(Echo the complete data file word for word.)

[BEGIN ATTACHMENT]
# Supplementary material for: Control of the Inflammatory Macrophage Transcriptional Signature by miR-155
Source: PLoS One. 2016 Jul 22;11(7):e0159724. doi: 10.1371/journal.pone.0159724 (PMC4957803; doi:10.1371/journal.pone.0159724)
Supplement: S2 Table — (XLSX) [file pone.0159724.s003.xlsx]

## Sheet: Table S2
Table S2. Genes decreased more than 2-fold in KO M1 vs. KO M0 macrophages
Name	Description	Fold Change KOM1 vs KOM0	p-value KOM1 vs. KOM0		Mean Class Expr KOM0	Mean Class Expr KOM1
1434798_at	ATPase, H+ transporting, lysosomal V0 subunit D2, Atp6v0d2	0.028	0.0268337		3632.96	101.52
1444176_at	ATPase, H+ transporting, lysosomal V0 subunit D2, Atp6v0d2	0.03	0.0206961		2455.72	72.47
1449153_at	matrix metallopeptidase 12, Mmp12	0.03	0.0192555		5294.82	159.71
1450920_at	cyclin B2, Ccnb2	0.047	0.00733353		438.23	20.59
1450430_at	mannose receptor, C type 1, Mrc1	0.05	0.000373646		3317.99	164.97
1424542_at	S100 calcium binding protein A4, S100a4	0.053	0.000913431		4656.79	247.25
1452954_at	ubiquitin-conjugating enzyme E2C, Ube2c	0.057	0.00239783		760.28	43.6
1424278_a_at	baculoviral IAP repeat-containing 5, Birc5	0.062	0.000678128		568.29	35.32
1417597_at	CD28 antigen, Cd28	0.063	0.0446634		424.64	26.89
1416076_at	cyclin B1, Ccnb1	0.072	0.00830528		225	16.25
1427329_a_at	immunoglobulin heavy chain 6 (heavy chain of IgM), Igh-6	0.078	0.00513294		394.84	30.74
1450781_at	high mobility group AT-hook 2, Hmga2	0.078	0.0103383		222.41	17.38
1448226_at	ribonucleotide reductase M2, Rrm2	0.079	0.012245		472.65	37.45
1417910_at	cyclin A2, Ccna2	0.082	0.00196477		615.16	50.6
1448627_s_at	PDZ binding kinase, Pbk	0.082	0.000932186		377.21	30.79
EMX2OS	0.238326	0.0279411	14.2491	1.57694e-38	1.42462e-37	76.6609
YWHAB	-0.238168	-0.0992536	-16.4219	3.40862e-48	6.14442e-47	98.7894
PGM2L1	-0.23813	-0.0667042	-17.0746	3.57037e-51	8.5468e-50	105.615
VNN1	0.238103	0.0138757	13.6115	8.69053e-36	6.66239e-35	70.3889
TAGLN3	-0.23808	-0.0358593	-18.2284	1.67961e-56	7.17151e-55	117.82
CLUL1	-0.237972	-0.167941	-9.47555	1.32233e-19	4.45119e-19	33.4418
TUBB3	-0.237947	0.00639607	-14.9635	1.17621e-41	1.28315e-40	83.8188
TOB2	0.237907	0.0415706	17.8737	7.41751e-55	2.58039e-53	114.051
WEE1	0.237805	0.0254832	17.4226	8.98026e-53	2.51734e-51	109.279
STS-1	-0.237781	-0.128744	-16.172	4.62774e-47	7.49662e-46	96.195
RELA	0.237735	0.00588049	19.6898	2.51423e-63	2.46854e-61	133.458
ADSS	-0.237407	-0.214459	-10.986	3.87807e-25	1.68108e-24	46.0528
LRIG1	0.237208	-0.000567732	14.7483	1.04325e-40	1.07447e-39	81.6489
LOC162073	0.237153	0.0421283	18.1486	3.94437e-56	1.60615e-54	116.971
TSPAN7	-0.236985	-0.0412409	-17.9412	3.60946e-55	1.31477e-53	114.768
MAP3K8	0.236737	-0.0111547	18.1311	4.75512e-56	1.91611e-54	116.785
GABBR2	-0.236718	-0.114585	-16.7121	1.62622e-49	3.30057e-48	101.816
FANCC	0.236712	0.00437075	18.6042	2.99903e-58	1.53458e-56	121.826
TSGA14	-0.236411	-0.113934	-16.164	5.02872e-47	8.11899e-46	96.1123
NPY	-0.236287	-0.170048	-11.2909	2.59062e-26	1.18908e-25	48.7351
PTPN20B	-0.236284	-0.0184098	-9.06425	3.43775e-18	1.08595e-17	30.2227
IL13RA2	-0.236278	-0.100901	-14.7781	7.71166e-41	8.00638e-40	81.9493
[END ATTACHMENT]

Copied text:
# Supplementary material for: Control of the Inflammatory Macrophage Transcriptional Signature by miR-155
Source: PLoS One. 2016 Jul 22;11(7):e0159724. doi: 10.1371/journal.pone.0159724 (PMC4957803; doi:10.1371/journal.pone.0159724)
Supplement: S2 Table — (XLSX) [file pone.0159724.s003.xlsx]

## Sheet: Table S2
Table S2. Genes decreased more than 2-fold in KO M1 vs. KO M0 macrophages
Name	Description	Fold Change KOM1 vs KOM0	p-value KOM1 vs. KOM0		Mean Class Expr KOM0	Mean Class Expr KOM1
1434798_at	ATPase, H+ transporting, lysosomal V0 subunit D2, Atp6v0d2	0.028	0.0268337		3632.96	101.52
1444176_at	ATPase, H+ transporting, lysosomal V0 subunit D2, Atp6v0d2	0.03	0.0206961		2455.72	72.47
1449153_at	matrix metallopeptidase 12, Mmp12	0.03	0.0192555		5294.82	159.71
1450920_at	cyclin B2, Ccnb2	0.047	0.00733353		438.23	20.59
1450430_at	mannose receptor, C type 1, Mrc1	0.05	0.000373646		3317.99	164.97
1424542_at	S100 calcium binding protein A4, S100a4	0.053	0.000913431		4656.79	247.25
1452954_at	ubiquitin-conjugating enzyme E2C, Ube2c	0.057	0.00239783		760.28	43.6
1424278_a_at	baculoviral IAP repeat-containing 5, Birc5	0.062	0.000678128		568.29	35.32
1417597_at	CD28 antigen, Cd28	0.063	0.0446634		424.64	26.89
1416076_at	cyclin B1, Ccnb1	0.072	0.00830528		225	16.25
1427329_a_at	immunoglobulin heavy chain 6 (heavy chain of IgM), Igh-6	0.078	0.00513294		394.84	30.74
1450781_at	high mobility group AT-hook 2, Hmga2	0.078	0.0103383		222.41	17.38
1448226_at	ribonucleotide reductase M2, Rrm2	0.079	0.012245		472.65	37.45
1417910_at	cyclin A2, Ccna2	0.082	0.00196477		615.16	50.6
1448627_s_at	PDZ binding kinase, Pbk	0.082	0.000932186		377.21	30.79
EMX2OS	0.238326	0.0279411	14.2491	1.57694e-38	1.42462e-37	76.6609
YWHAB	-0.238168	-0.0992536	-16.4219	3.40862e-48	6.14442e-47	98.7894
PGM2L1	-0.23813	-0.0667042	-17.0746	3.57037e-51	8.5468e-50	105.615
VNN1	0.238103	0.0138757	13.6115	8.69053e-36	6.66239e-35	70.3889
TAGLN3	-0.23808	-0.0358593	-18.2284	1.67961e-56	7.17151e-55	117.82
CLUL1	-0.237972	-0.167941	-9.47555	1.32233e-19	4.45119e-19	33.4418
TUBB3	-0.237947	0.00639607	-14.9635	1.17621e-41	1.28315e-40	83.8188
TOB2	0.237907	0.0415706	17.8737	7.41751e-55	2.58039e-53	114.051
WEE1	0.237805	0.0254832	17.4226	8.98026e-53	2.51734e-51	109.279
STS-1	-0.237781	-0.128744	-16.172	4.62774e-47	7.49662e-46	96.195
RELA	0.237735	0.00588049	19.6898	2.51423e-63	2.46854e-61	133.458
ADSS	-0.237407	-0.214459	-10.986	3.87807e-25	1.68108e-24	46.0528
LRIG1	0.237208	-0.000567732	14.7483	1.04325e-40	1.07447e-39	81.6489
LOC162073	0.237153	0.0421283	18.1486	3.94437e-56	1.60615e-54	116.971
TSPAN7	-0.236985	-0.0412409	-17.9412	3.60946e-55	1.31477e-53	114.768
MAP3K8	0.236737	-0.0111547	18.1311	4.75512e-56	1.91611e-54	116.785
GABBR2	-0.236718	-0.114585	-16.7121	1.62622e-49	3.30057e-48	101.816
FANCC	0.236712	0.00437075	18.6042	2.99903e-58	1.53458e-56	121.826
TSGA14	-0.236411	-0.113934	-16.164	5.02872e-47	8.11899e-46	96.1123
NPY	-0.236287	-0.170048	-11.2909	2.59062e-26	1.18908e-25	48.7351
PTPN20B	-0.236284	-0.0184098	-9.06425	3.43775e-18	1.08595e-17	30.2227
IL13RA2	-0.236278	-0.100901	-14.7781	7.71166e-41	8.00638e-40	81.9493